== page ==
Making Room for People Rather Than Cars

We talk a lot on this blog about the way that government policy can help to create livable streets. But we don’t often discuss the role that individual property owners can play when they’re inspired to create a more pedestrian-friendly space.

374__663x500_img_1951.jpgThe owner of this property in Miami has decided to convert a parking lot to a terrace.

Today’s post, from Streetsblog Network member Urban City Architecture, gives an example of how — by converting a small parking lot to a terrace — one business owner in Miami’s Brickell neighborhood is contributing to an increasingly vital streetscape:

It seems that recent development and new emphasis on the pedestrian landscape has encouraged a property owner in Brickell to replace a small surface (parking) lot in front of a building with more pedestrian-oriented and occupiable urban space fronting the sidewalk instead. Over the last couple of months, workers have been busy transforming the old parking spaces into an elevated outdoor seating space for what I presume will be a restaurant (or expansion of the existing restaurant next door).

In essence, the integration of the building within the urban fabric has been reconfigured to make it more responsive to pedestrians and more fitting with its surroundings. Prior to these changes, the building’s parking layout served as a physical and visual barrier between the pedestrian and the building. Much in the same way that buildings are setback behind inhospitable and unwalkable parking in the suburbs — pedestrians walking the streets were not greeted by a building facade or window but rather by a long row of car exhausts and vehicle bumpers that contribute nothing to the urban atmosphere.

Luckily, the transformation of the space will change this unfavorable dynamic and create a more lively and active environment on the streets.

It’s part of a process that the post’s author, Adam Mizrahi, likes to call "automobile attrition." And it’s an intriguing example of how, when a neighborhood achieves some livable streets momentum, the dead space created by cars and parking becomes more apparent.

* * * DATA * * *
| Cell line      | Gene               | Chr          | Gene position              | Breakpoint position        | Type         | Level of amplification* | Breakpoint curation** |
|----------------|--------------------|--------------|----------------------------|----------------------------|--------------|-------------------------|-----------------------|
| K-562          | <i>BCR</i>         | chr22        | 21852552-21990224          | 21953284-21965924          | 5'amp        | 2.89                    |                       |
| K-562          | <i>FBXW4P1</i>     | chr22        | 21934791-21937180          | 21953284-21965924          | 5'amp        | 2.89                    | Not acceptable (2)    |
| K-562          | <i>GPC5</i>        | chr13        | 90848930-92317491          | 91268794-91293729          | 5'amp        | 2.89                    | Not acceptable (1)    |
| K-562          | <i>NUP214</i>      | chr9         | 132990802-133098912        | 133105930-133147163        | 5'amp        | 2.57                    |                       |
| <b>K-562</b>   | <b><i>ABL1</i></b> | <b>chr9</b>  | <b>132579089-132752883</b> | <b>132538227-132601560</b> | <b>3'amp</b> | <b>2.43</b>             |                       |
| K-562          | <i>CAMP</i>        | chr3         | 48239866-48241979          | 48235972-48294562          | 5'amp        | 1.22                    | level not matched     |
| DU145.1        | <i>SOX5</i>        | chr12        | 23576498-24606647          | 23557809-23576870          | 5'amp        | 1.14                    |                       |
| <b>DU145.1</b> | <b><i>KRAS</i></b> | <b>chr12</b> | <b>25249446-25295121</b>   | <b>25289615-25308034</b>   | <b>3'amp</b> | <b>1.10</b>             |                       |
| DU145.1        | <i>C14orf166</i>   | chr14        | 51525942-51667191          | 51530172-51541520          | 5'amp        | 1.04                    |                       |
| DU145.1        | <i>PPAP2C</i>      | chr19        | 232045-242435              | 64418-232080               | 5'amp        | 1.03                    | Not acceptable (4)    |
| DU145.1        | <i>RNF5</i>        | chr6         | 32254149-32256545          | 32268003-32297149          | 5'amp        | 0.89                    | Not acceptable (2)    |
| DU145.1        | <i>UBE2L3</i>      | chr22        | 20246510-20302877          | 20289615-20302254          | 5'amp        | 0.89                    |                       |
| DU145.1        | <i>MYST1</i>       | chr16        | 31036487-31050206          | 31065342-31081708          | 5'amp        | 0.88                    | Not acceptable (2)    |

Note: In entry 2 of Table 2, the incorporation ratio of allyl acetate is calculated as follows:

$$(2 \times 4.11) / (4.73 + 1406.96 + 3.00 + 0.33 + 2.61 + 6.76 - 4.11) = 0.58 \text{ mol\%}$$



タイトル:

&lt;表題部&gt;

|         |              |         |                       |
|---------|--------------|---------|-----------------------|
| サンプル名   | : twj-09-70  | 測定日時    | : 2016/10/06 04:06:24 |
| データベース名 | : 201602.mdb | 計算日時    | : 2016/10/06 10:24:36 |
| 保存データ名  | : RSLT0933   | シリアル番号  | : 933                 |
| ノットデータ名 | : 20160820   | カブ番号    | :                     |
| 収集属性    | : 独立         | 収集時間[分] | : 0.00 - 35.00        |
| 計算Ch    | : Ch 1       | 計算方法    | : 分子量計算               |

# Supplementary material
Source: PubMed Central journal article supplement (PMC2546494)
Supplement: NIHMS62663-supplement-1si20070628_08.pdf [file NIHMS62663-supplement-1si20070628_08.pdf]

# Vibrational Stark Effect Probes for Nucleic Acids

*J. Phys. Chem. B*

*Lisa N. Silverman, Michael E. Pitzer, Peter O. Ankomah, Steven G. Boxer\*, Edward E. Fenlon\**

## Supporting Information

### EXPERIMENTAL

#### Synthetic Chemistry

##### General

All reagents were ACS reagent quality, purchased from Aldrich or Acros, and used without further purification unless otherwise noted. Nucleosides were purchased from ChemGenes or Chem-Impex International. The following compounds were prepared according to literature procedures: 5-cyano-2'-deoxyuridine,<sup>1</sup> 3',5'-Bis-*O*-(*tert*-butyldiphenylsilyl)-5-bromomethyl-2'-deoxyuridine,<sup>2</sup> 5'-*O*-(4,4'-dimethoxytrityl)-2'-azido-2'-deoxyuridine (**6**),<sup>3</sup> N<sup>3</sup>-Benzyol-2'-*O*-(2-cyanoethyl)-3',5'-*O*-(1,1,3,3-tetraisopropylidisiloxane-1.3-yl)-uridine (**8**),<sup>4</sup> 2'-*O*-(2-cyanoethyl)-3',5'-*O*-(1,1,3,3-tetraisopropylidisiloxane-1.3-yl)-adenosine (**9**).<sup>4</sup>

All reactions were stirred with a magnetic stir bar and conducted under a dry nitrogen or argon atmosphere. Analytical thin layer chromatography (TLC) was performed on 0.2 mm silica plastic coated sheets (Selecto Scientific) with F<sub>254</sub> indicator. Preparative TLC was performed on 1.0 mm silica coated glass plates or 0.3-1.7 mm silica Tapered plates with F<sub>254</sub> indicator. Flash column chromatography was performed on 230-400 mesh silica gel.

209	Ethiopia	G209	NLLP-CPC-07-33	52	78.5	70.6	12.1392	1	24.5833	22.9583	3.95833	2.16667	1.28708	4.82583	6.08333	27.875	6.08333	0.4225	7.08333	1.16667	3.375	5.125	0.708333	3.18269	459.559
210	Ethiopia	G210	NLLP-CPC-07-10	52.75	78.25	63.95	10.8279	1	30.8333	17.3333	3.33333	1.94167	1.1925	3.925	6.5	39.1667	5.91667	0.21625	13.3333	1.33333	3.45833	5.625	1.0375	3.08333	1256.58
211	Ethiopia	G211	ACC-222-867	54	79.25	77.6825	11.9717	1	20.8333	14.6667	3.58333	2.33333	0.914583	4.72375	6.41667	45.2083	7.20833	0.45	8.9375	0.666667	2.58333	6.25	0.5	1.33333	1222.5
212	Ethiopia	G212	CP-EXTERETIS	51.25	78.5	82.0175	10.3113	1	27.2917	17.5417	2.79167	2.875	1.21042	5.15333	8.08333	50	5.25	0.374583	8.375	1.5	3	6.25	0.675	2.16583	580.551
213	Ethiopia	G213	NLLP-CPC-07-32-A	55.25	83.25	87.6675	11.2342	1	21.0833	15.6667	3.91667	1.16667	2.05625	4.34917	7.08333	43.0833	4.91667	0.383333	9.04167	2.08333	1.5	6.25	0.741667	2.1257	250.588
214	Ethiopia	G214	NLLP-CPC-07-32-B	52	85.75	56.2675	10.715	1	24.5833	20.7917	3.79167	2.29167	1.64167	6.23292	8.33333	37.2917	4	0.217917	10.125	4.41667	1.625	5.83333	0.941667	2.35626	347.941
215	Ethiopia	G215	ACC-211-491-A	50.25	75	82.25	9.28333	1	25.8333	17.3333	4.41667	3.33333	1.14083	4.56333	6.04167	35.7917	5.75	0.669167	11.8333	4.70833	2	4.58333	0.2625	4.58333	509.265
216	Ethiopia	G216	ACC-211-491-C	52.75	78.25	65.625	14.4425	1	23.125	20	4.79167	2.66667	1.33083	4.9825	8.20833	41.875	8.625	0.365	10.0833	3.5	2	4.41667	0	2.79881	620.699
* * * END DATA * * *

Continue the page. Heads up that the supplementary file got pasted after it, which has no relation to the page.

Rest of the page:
More from around the network: Newton Streets and Sidewalks talks about how more roads don’t ease congestion; Urban Milwaukee has a personal story about how senior citizens can get shut out of walkable neighborhoods; and The Infrastructurist looks at why Hawaii got complete streets legislation and Missouri didn’t.

  • Anabel Lopez

    Brickell has changed by leaps and bounds in the last few years. Its nice to see that not only developers and government are taking action to make more walkable streets — but small property owners are also converting their properties as well. Sounds like a move in the right direction.

  • Larry Littlefield

    Way back in the 1980s, New York City’s zoning banned front yard parking in most zones, although enforcement is far from universal. This is something the local communities (if not all individual property owners) wanted.

    Parking must (theoretically) be either in the “side lot ribbon,” a driveway long the side lot line, within the building, or in the rear yard.

    In many zones the front yard rules were modified to bring buildings closer to the street, eliminating the possibility of a parking pad in the front yard. (Some folks just park partially in the yard, and partially on the sidewalk, however).

    And a limitation was put in place on the amount of total curb cuts, in some cases with a minimum of 34 feet required between them, to preserve on-street parking for the neighborhood. New buildings on small lots continued to allowed to waive parking altogether.

    The largest building constructed in my neighborhood since the new rules, however, simply ignored them, filing one set to building plans and building something else. When I reported it, they probably just went to the BSA, told the “seven lies” as the seven findings for a variance are called in the land use law trade, and got legalized. It is on 17th Street between 10th and 11th Avenues in Brooklyn.

    It would make a photo opposite to this one. In theory 34 feet between curb cuts is required, and no front yard parking is permitted. The zoning also required that the new building line up with those on either side, but it doesn’t, because that would have left no room for front yard parking.

    The legal parking would have been a common space in the basement, something the sloping street facilitated, and was actually done in new buildings in more affluent Park Slope.

  • Larry Littlefield

    Oh, one more point. When I called the developer after the plywood came down and the parking solution was revealed (the building looks pretty good above the ground floor) his response was “what’s the big deal, it’s Brooklyn.” Ugh.

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